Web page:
Peter Singer, “Famine, Affluence, and Morality, in Larry May and others, Applied Ethics: A Multicultural Approach, Prentice Hall, 2011, 5th ed., pp. 220-227.
Singer argues that people have an obligation to prevent suffering and death from lack of food, shelter, and medical care, regardless of where such suffering and death occurs in the world.
Singer first presents an argument that would require considerable sacrifice. This initial argument runs as follows: If we can prevent something bad without sacrificing anything of comparable moral significance, we ought to do it; suffering and death from lack of food, shelter, and medical care is bad; there is some suffering and death from lack of food, shelter, and medical care we can prevent without sacrificing anything of comparable moral significance; therefore, we ought to prevent some suffering and death from lack of food, shelter, and medical care. The obligation to relieve suffering and death from these causes need not reduce one to the hardship level, but the obligation arises when abundance is present–as Thomas Aquinas argues.
Although he favors the more stringent requirement that the affluent are required to give for famine relief unless they must sacrifice something of comparable moral significance, Singer is willing to accept a more moderate view–namely, that the affluent are required to give as long as they don’t sacrifice anything of moral significance. Even the fulfillment of this more moderate requirement would result in a great change in the way of life of citizens of wealthy nations.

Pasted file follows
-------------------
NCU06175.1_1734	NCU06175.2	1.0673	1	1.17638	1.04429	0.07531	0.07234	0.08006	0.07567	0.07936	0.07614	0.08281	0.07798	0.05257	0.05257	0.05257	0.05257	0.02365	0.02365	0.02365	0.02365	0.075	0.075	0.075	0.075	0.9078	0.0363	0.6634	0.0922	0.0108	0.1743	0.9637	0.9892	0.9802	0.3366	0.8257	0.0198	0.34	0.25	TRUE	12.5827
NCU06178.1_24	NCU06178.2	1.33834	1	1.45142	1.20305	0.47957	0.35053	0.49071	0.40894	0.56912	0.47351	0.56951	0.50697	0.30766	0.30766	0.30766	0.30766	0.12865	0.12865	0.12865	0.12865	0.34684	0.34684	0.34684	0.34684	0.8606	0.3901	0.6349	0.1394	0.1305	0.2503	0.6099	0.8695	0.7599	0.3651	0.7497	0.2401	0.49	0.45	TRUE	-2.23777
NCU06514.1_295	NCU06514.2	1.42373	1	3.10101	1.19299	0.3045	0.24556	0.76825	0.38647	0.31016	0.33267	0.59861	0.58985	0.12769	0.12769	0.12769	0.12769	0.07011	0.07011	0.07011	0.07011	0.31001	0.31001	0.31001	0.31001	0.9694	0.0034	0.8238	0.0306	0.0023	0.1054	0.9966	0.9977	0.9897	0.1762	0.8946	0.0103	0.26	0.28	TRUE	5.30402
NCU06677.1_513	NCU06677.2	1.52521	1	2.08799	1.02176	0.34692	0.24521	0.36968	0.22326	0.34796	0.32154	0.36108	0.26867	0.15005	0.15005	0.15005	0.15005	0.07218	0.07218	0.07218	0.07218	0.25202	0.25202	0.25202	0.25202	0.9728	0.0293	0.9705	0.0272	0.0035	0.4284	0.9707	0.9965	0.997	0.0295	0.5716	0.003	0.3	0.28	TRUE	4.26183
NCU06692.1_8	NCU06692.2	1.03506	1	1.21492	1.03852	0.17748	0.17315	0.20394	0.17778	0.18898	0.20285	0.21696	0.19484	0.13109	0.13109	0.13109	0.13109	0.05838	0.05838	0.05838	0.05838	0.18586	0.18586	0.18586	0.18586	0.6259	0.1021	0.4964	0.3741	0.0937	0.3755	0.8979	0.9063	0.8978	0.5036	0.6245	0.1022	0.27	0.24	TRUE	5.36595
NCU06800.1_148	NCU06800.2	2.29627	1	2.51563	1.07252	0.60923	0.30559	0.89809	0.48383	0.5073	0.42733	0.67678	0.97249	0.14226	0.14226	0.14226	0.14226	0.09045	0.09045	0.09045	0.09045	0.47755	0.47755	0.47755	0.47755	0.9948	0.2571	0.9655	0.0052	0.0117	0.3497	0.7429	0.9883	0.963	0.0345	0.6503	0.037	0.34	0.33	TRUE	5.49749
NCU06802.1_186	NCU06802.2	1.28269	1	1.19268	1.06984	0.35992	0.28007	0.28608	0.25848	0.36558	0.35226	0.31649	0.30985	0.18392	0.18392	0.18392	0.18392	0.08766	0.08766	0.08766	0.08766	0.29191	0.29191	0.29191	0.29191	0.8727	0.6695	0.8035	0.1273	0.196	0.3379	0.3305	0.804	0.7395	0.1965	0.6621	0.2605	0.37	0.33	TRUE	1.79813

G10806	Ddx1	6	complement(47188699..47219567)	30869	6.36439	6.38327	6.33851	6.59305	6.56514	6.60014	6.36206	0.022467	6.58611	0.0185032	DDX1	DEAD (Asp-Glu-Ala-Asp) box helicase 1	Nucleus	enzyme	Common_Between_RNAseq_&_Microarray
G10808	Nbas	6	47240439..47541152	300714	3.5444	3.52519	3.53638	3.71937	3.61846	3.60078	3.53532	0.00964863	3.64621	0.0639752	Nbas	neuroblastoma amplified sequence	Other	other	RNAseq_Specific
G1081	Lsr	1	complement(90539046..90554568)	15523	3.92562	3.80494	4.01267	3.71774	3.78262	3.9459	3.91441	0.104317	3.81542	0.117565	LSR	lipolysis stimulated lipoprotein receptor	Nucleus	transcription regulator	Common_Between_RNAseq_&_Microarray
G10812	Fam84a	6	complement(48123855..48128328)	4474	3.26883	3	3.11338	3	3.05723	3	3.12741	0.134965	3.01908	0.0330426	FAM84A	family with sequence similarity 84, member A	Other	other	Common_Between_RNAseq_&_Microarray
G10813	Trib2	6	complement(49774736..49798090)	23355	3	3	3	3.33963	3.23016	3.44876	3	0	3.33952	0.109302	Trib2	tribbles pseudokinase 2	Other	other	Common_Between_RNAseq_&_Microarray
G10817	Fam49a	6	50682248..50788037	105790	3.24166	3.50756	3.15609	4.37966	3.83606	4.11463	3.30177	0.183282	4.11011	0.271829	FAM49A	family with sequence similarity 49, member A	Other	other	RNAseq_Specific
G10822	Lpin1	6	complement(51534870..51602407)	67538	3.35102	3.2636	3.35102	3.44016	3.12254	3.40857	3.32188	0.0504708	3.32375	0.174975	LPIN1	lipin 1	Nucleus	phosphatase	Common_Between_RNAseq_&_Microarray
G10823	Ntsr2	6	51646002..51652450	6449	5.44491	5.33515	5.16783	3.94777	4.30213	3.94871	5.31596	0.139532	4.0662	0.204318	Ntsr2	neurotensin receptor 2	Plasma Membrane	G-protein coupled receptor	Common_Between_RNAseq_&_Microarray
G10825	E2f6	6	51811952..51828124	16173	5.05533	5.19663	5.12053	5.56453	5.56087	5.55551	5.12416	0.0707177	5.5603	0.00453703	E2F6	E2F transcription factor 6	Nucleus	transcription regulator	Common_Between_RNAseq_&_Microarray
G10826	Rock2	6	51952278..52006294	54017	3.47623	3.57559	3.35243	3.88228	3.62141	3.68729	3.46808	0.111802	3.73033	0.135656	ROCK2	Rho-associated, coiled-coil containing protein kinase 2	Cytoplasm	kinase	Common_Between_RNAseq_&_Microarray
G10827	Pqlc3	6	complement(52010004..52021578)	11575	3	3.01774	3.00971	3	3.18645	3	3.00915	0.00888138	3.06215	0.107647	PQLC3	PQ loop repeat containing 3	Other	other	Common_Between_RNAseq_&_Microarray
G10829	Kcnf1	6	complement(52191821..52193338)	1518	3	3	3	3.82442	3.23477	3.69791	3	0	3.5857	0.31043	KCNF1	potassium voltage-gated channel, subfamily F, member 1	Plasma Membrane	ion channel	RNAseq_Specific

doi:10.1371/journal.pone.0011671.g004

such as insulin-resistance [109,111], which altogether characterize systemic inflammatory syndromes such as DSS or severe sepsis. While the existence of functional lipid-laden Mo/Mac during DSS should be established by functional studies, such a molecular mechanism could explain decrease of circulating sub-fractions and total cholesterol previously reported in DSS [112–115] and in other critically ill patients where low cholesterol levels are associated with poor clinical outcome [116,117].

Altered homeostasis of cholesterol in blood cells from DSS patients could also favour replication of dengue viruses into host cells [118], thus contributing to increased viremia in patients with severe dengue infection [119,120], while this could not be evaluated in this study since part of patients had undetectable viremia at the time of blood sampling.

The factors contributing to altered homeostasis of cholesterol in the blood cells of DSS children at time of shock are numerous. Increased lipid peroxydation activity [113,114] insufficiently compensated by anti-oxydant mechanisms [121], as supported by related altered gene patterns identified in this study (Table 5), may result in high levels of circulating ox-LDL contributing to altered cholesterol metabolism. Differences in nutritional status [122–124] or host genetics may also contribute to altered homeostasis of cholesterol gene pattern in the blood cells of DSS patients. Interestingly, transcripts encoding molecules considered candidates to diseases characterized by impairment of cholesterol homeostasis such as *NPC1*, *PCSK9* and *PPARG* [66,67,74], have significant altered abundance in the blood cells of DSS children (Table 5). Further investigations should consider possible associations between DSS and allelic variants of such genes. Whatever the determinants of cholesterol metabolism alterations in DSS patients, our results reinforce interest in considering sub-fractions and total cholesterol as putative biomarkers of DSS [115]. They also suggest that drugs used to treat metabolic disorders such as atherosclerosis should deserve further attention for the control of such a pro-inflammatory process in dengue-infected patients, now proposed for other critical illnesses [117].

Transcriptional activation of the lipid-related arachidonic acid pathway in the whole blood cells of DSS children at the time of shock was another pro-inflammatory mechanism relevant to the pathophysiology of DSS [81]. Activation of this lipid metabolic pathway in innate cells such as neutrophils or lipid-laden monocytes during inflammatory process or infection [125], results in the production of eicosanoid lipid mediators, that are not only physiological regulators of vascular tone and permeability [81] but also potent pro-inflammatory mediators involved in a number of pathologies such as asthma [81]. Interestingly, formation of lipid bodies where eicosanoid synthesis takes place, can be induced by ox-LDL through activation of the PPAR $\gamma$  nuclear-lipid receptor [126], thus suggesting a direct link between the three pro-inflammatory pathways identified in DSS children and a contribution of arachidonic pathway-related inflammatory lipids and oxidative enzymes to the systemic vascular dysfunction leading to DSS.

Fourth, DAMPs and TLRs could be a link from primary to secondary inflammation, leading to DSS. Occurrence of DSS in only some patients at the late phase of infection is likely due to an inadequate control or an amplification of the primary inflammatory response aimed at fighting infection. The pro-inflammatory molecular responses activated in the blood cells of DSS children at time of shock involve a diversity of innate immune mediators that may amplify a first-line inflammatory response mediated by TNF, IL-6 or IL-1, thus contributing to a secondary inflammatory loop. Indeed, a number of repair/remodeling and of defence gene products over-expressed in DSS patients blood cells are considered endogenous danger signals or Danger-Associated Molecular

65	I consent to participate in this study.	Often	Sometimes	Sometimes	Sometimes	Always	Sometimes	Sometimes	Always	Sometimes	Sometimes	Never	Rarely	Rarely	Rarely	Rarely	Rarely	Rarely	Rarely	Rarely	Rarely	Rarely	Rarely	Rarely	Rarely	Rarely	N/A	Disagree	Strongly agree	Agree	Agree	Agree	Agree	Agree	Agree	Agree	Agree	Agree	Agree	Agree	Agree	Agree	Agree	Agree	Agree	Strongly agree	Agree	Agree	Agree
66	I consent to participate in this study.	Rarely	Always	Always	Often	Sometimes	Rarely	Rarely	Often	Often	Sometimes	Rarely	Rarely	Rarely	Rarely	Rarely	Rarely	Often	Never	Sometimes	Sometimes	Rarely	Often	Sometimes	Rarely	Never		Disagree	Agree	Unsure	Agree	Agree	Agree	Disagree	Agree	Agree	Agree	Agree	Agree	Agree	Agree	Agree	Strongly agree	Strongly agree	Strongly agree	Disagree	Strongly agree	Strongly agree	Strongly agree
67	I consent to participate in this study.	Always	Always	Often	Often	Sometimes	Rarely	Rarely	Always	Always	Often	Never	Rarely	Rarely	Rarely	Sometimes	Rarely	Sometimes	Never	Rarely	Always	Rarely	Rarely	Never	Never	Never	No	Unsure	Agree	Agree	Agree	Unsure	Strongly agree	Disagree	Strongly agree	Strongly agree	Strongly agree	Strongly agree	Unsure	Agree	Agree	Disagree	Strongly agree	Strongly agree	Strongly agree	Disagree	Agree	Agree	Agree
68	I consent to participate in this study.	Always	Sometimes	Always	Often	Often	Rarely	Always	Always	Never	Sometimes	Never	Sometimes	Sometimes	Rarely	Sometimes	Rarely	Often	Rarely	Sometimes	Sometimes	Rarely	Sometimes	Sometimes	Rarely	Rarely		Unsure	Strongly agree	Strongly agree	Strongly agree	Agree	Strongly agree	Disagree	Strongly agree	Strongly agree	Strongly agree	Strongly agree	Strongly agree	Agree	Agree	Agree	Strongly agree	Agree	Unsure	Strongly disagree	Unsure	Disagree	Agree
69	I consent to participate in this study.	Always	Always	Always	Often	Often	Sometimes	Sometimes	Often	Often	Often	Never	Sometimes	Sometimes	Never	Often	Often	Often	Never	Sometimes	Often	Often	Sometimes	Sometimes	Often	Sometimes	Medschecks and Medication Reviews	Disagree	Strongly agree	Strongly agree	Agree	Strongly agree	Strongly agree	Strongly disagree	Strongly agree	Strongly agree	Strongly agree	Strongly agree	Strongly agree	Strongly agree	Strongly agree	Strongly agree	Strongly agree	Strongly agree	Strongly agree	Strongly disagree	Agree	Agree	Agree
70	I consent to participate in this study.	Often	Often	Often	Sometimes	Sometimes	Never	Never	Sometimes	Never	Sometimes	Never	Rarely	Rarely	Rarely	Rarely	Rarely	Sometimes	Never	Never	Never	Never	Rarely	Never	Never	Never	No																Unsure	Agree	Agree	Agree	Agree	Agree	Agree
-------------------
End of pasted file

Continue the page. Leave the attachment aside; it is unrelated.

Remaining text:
Singer subscribes to a classic utilitarian or strict consequentialist position that accepts some constraints on property rights for the sake of preventing great evils. Lack of food, shelter, and medical care, Singer contends, are great evils that can be prevented.
Singer finds that many people do not think along the lines he proposes on matters of poverty relief. Some who subscribe to a community-based morality, for example, hold that one should assist members of one’s own community, but relief for strangers is not as demanding. Singer rejects this limited community-oriented view in favor of universal liberal standards. Although his own preference is for the utilitarian standard of impartiality or equal treatment, Singer notes that a Kantian standard of universalizability would also support the claim that all persons in serious need are entitled to relief regardless of their geographical proximity.